digital recording levels

Discussion in 'Microphones (live or studio)' started by aloomens, Mar 24, 2003.

  1. aloomens

    aloomens Active Member

    Joined:
    Jan 10, 2003
    Location:
    Wheaton, IL.
    In more than one post Bill Roberts has stated that a mix should go to the mastering engineer at -6 db. Does that mean that I should record each track at -6 db also? Or should I try to get the maximum signal I can on each track and then mix to -6 db?
     
  2. Kurt Foster

    Kurt Foster Distinguished Member

    Joined:
    Jul 2, 2002
    Location:
    77 Sunset Lane.
    Al,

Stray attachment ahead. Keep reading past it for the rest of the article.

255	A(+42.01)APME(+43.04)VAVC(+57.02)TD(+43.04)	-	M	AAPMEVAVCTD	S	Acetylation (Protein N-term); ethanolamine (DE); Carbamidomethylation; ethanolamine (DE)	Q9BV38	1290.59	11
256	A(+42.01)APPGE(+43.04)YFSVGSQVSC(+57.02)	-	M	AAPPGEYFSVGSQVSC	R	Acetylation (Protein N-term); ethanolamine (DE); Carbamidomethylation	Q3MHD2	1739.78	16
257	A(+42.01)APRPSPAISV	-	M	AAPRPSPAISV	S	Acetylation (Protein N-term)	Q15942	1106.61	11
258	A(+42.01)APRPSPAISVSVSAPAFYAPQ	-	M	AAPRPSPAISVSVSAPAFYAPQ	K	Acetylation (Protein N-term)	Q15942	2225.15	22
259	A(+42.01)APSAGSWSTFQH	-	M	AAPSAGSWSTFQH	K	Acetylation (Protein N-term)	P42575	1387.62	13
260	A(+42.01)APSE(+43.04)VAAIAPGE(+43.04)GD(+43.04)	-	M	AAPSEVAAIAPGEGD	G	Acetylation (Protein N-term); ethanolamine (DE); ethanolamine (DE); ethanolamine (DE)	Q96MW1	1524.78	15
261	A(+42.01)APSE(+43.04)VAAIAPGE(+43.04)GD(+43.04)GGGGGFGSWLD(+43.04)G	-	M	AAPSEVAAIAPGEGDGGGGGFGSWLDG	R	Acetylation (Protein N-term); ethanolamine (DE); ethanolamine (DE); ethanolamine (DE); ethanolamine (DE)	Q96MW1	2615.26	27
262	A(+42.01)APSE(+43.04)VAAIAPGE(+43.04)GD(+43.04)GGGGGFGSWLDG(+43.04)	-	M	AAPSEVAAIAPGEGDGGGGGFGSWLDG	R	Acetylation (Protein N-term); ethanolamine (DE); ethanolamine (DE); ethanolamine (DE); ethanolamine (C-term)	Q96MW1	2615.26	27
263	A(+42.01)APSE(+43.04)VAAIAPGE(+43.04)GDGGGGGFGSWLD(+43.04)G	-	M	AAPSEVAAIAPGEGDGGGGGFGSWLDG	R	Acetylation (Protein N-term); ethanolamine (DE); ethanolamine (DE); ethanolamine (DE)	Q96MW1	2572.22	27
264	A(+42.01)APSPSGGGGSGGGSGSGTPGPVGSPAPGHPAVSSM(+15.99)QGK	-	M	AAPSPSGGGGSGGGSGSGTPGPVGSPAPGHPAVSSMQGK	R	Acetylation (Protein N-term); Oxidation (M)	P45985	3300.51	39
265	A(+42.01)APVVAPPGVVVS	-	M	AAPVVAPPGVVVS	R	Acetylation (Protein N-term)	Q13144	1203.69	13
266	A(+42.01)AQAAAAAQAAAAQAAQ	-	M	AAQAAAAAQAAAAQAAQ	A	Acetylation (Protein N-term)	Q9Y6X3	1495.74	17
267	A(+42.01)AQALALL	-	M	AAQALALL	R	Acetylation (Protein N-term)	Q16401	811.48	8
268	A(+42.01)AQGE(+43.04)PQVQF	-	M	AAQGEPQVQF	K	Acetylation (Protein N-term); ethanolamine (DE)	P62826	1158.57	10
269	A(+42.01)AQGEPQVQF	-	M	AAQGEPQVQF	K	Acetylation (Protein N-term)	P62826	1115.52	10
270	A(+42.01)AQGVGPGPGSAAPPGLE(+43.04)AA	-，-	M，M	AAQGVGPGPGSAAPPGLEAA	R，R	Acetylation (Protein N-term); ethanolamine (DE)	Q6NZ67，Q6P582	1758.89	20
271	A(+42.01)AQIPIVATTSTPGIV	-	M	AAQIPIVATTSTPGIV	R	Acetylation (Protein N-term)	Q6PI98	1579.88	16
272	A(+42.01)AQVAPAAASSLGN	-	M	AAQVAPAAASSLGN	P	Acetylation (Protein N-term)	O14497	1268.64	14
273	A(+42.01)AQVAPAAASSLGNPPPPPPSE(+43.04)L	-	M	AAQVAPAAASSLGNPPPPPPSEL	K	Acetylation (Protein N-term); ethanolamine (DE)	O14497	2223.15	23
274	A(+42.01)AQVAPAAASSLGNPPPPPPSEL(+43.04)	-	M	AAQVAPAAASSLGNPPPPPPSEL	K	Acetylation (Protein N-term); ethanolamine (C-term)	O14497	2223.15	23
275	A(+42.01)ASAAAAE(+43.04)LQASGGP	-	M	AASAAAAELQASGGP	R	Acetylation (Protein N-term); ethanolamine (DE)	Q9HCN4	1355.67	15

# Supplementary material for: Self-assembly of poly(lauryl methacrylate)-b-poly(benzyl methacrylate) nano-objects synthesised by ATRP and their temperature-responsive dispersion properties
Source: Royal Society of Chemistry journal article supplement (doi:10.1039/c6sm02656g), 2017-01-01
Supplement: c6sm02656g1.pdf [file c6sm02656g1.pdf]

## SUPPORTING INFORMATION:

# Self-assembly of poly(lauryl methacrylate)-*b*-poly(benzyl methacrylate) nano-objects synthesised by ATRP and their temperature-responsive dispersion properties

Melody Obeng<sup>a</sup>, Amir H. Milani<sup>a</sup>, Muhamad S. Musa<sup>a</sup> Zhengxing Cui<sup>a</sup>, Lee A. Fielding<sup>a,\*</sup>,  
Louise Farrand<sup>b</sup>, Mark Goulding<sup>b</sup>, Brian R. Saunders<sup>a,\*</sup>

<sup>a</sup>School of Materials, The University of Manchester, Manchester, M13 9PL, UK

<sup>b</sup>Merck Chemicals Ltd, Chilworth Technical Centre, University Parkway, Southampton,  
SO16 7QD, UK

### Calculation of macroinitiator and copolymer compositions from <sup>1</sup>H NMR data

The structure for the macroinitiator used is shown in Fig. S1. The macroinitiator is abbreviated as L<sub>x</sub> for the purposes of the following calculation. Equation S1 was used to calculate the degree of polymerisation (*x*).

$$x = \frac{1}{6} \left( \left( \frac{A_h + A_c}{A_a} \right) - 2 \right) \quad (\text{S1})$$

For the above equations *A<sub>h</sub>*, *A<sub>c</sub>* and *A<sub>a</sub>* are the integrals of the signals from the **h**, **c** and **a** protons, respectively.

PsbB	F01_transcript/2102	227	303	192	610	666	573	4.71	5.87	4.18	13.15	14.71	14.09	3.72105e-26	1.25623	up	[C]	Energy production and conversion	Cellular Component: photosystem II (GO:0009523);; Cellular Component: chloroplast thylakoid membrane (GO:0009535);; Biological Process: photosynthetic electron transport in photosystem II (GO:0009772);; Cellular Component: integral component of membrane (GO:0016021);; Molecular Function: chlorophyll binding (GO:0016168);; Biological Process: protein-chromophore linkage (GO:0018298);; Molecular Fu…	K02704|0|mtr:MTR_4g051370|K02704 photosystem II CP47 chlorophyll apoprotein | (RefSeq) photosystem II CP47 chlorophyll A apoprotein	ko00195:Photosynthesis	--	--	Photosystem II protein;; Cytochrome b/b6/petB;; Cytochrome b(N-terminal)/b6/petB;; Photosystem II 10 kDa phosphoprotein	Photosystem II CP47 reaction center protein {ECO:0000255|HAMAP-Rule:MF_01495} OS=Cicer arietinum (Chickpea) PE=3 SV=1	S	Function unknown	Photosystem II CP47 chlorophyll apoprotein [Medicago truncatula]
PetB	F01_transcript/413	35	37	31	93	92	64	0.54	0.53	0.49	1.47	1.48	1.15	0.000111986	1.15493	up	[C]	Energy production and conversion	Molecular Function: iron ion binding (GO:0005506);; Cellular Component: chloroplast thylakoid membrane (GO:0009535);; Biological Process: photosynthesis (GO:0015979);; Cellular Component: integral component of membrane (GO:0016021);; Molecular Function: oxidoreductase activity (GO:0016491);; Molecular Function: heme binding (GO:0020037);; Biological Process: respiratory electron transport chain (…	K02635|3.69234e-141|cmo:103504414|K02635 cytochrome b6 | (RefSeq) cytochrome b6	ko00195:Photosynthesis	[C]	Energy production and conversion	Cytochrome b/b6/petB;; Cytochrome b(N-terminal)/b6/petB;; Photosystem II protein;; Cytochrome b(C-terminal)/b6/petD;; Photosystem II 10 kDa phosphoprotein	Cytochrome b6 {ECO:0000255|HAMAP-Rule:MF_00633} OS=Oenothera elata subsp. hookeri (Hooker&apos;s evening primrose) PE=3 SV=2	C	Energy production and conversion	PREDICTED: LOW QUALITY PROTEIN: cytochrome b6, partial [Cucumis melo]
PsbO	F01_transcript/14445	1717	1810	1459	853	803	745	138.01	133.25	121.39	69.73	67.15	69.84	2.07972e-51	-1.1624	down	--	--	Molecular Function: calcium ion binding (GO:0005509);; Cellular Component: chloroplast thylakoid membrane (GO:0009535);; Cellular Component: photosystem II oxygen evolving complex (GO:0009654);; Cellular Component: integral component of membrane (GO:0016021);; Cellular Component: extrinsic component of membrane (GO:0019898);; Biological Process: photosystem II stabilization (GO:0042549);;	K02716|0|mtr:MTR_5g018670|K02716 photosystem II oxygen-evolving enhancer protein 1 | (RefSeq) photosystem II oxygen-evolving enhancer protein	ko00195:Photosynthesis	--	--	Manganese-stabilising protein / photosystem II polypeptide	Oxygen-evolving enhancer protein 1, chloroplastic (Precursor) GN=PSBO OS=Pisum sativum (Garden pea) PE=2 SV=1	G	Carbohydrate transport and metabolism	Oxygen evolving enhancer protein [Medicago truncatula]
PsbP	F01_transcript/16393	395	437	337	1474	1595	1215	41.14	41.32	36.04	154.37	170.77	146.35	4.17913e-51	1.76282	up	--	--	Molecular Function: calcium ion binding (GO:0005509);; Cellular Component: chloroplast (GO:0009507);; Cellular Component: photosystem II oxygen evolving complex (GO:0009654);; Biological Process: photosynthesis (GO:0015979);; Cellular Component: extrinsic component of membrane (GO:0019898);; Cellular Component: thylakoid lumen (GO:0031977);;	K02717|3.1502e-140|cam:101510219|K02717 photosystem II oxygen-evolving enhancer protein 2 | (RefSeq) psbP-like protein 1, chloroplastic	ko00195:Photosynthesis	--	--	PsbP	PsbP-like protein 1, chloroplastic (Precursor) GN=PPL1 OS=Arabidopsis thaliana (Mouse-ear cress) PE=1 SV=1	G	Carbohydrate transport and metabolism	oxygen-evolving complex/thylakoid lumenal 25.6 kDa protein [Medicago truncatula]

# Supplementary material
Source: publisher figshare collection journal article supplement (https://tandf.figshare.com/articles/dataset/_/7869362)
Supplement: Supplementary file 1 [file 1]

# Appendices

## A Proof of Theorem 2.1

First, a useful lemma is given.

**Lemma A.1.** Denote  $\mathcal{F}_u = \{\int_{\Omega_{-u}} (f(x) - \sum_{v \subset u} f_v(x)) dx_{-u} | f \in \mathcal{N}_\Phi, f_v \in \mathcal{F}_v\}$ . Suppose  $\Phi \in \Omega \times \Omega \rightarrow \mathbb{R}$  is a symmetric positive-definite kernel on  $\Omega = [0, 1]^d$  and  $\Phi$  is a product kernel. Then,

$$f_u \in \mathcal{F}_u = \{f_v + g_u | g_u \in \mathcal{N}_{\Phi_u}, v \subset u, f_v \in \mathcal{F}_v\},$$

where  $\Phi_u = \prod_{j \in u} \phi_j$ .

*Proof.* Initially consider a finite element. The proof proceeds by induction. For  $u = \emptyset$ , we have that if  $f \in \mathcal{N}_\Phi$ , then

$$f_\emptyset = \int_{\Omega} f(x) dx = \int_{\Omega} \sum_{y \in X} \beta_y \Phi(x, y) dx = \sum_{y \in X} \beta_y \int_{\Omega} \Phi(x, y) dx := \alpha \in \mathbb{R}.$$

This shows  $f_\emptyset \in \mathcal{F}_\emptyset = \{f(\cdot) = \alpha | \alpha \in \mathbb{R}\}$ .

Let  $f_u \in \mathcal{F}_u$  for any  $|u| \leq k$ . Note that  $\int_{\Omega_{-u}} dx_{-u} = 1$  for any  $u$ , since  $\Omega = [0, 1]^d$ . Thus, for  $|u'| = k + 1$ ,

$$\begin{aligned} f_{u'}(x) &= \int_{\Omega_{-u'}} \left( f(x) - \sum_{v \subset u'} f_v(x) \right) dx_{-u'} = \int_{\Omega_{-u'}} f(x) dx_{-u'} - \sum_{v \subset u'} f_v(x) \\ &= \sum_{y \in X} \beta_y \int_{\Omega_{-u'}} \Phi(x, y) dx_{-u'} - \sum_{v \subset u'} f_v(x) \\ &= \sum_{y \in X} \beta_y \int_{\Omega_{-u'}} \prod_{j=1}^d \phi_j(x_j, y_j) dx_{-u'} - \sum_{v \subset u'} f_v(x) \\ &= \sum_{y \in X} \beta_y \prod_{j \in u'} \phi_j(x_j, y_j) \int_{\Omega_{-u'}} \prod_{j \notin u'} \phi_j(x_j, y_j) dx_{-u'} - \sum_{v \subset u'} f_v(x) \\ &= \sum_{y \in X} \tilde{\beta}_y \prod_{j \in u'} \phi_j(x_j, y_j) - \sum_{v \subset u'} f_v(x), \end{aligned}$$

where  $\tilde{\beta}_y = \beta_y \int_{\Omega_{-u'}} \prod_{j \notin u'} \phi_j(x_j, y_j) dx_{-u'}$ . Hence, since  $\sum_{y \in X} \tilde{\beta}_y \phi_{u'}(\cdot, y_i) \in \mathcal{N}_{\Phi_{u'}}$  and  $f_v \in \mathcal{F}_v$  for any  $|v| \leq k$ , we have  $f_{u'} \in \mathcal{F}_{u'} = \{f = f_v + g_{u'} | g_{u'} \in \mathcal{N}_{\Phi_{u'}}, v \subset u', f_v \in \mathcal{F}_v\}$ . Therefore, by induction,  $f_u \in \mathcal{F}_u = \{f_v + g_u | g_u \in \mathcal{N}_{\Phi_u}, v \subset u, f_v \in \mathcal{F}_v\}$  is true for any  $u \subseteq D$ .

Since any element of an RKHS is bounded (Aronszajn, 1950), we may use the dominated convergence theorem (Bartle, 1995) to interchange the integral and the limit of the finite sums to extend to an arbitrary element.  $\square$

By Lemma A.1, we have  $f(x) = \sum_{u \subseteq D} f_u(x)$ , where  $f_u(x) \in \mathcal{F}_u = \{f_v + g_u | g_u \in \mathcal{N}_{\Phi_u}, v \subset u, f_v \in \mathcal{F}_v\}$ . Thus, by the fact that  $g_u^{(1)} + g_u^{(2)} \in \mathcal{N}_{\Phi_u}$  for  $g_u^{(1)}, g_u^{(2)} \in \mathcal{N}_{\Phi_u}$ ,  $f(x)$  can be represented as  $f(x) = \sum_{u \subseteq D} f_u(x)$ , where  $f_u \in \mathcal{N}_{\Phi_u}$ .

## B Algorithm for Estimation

- 6dB is a good safe place for the average level. But it depends on what you are recording on.. in a DAW -6dB is really an absolute advised maximum (not peaks but average) but if you’re on an ADAT or a stand alone or an analog recorder, then higher levels may be acceptable. Especially if you will be mixing on an analog desk. In a DAW I like - 6 because it leaves a little headroom for eq changes and plug ins. These things can boost the level sometimes and if you've recorded something at - 2dB sometimes it can clip. So it's just a matter of leaving enough headroom to allow for extra processing. Bill says - 6??? IMO that is a good average level but an occasional peak to - 2 should be ok I would think. Remember, these are rule of thumb suggestions.. nothing is set in stone.. as someone here says, "Learn the rules, then break them." .... Kurt
     

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